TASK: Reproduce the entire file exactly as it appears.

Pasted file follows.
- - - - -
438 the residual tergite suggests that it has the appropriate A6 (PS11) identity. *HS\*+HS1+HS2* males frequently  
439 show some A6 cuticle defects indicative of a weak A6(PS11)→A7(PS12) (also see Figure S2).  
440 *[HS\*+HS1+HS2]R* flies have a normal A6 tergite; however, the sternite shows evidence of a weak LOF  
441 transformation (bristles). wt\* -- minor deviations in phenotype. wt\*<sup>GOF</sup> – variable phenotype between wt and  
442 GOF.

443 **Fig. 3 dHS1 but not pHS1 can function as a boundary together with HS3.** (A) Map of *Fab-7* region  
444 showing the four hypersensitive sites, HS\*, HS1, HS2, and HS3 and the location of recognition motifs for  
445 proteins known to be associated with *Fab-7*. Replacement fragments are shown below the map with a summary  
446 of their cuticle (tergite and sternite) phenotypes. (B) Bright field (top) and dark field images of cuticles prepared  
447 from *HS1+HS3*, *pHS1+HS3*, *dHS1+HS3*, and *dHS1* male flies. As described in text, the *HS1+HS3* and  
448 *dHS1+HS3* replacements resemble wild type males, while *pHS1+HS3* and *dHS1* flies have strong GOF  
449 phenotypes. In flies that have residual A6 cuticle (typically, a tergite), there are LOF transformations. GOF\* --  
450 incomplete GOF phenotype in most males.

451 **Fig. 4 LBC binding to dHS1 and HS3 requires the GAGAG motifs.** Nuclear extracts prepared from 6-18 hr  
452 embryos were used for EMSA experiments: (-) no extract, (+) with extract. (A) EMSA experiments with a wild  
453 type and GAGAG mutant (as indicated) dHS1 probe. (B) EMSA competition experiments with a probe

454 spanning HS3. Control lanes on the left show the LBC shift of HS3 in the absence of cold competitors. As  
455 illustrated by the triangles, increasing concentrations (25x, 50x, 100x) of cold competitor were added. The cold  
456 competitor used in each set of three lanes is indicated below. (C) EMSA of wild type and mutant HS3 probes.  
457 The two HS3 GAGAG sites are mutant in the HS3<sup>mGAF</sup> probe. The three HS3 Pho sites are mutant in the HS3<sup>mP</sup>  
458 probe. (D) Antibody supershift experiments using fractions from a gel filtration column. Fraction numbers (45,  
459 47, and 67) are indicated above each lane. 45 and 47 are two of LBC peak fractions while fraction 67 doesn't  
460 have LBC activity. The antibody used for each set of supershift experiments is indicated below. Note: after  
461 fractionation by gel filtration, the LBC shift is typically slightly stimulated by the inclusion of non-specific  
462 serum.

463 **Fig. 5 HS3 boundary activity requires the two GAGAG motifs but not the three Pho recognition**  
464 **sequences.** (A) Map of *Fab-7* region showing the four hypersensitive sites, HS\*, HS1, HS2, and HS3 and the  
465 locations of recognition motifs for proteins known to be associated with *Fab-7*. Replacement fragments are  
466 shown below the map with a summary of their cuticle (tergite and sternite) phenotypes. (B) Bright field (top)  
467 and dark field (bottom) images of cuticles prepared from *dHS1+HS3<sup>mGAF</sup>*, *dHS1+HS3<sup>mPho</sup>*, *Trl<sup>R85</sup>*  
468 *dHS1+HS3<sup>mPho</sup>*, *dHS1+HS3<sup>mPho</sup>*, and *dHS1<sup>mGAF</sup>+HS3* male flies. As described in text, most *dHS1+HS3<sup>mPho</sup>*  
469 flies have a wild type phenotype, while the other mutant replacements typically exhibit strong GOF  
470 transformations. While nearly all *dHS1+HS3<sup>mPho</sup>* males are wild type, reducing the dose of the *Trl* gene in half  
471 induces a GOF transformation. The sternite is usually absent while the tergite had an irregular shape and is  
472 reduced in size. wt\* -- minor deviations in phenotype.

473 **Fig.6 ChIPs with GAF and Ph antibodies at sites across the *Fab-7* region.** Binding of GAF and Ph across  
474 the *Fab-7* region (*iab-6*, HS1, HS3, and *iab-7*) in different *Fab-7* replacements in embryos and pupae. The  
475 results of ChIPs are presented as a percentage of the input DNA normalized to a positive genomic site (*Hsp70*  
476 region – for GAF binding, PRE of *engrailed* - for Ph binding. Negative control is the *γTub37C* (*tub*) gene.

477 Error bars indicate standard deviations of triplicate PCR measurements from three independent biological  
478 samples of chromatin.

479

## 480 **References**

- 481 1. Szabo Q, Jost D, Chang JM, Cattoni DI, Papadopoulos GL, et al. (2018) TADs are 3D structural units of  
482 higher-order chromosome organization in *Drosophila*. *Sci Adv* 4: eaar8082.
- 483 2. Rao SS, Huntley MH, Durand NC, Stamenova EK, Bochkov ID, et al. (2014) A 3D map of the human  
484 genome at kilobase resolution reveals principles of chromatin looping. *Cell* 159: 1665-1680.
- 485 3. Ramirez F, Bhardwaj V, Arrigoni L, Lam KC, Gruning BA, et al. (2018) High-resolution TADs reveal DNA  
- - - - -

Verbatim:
438 the residual tergite suggests that it has the appropriate A6 (PS11) identity. *HS\*+HS1+HS2* males frequently  
439 show some A6 cuticle defects indicative of a weak A6(PS11)→A7(PS12) (also see Figure S2).  
440 *[HS\*+HS1+HS2]R* flies have a normal A6 tergite; however, the sternite shows evidence of a weak LOF  
441 transformation (bristles). wt\* -- minor deviations in phenotype. wt\*<sup>GOF</sup> – variable phenotype between wt and  
442 GOF.

443 **Fig. 3 dHS1 but not pHS1 can function as a boundary together with HS3.** (A) Map of *Fab-7* region  
444 showing the four hypersensitive sites, HS\*, HS1, HS2, and HS3 and the location of recognition motifs for  
445 proteins known to be associated with *Fab-7*. Replacement fragments are shown below the map with a summary  
446 of their cuticle (tergite and sternite) phenotypes. (B) Bright field (top) and dark field images of cuticles prepared  
447 from *HS1+HS3*, *pHS1+HS3*, *dHS1+HS3*, and *dHS1* male flies. As described in text, the *HS1+HS3* and  
448 *dHS1+HS3* replacements resemble wild type males, while *pHS1+HS3* and *dHS1* flies have strong GOF  
449 phenotypes. In flies that have residual A6 cuticle (typically, a tergite), there are LOF transformations. GOF\* --  
450 incomplete GOF phenotype in most males.

451 **Fig. 4 LBC binding to dHS1 and HS3 requires the GAGAG motifs.** Nuclear extracts prepared from 6-18 hr  
452 embryos were used for EMSA experiments: (-) no extract, (+) with extract. (A) EMSA experiments with a wild  
453 type and GAGAG mutant (as indicated) dHS1 probe. (B) EMSA competition experiments with a probe

454 spanning HS3. Control lanes on the left show the LBC shift of HS3 in the absence of cold competitors. As  
455 illustrated by the triangles, increasing concentrations (25x, 50x, 100x) of cold competitor were added. The cold  
456 competitor used in each set of three lanes is indicated below. (C) EMSA of wild type and mutant HS3 probes.  
457 The two HS3 GAGAG sites are mutant in the HS3<sup>mGAF</sup> probe. The three HS3 Pho sites are mutant in the HS3<sup>mP</sup>  
458 probe. (D) Antibody supershift experiments using fractions from a gel filtration column. Fraction numbers (45,  
459 47, and 67) are indicated above each lane. 45 and 47 are two of LBC peak fractions while fraction 67 doesn't  
460 have LBC activity. The antibody used for each set of supershift experiments is indicated below. Note: after  
461 fractionation by gel filtration, the LBC shift is typically slightly stimulated by the inclusion of non-specific  
462 serum.

463 **Fig. 5 HS3 boundary activity requires the two GAGAG motifs but not the three Pho recognition**  
464 **sequences.** (A) Map of *Fab-7* region showing the four hypersensitive sites, HS\*, HS1, HS2, and HS3 and the  
465 locations of recognition motifs for proteins known to be associated with *Fab-7*. Replacement fragments are  
466 shown below the map with a summary of their cuticle (tergite and sternite) phenotypes. (B) Bright field (top)  
467 and dark field (bottom) images of cuticles prepared from *dHS1+HS3<sup>mGAF</sup>*, *dHS1+HS3<sup>mPho</sup>*, *Trl<sup>R85</sup>*  
468 *dHS1+HS3<sup>mPho</sup>*, *dHS1+HS3<sup>mPho</sup>*, and *dHS1<sup>mGAF</sup>+HS3* male flies. As described in text, most *dHS1+HS3<sup>mPho</sup>*  
469 flies have a wild type phenotype, while the other mutant replacements typically exhibit strong GOF  
470 transformations. While nearly all *dHS1+HS3<sup>mPho</sup>* males are wild type, reducing the dose of the *Trl* gene in half  
471 induces a GOF transformation. The sternite is usually absent while the tergite had an irregular shape and is  
472 reduced in size. wt\* -- minor deviations in phenotype.

473 **Fig.6 ChIPs with GAF and Ph antibodies at sites across the *Fab-7* region.** Binding of GAF and Ph across  
474 the *Fab-7* region (*iab-6*, HS1, HS3, and *iab-7*) in different *Fab-7* replacements in embryos and pupae. The  
475 results of ChIPs are presented as a percentage of the input DNA normalized to a positive genomic site (*Hsp70*  
476 region – for GAF binding, PRE of *engrailed* - for Ph binding. Negative control is the *γTub37C* (*tub*) gene.

477 Error bars indicate standard deviations of triplicate PCR measurements from three independent biological  
478 samples of chromatin.

479

## 480 **References**

- 481 1. Szabo Q, Jost D, Chang JM, Cattoni DI, Papadopoulos GL, et al. (2018) TADs are 3D structural units of  
482 higher-order chromosome organization in *Drosophila*. *Sci Adv* 4: eaar8082.
- 483 2. Rao SS, Huntley MH, Durand NC, Stamenova EK, Bochkov ID, et al. (2014) A 3D map of the human  
484 genome at kilobase resolution reveals principles of chromatin looping. *Cell* 159: 1665-1680.
- 485 3. Ramirez F, Bhardwaj V, Arrigoni L, Lam KC, Gruning BA, et al. (2018) High-resolution TADs reveal DNA  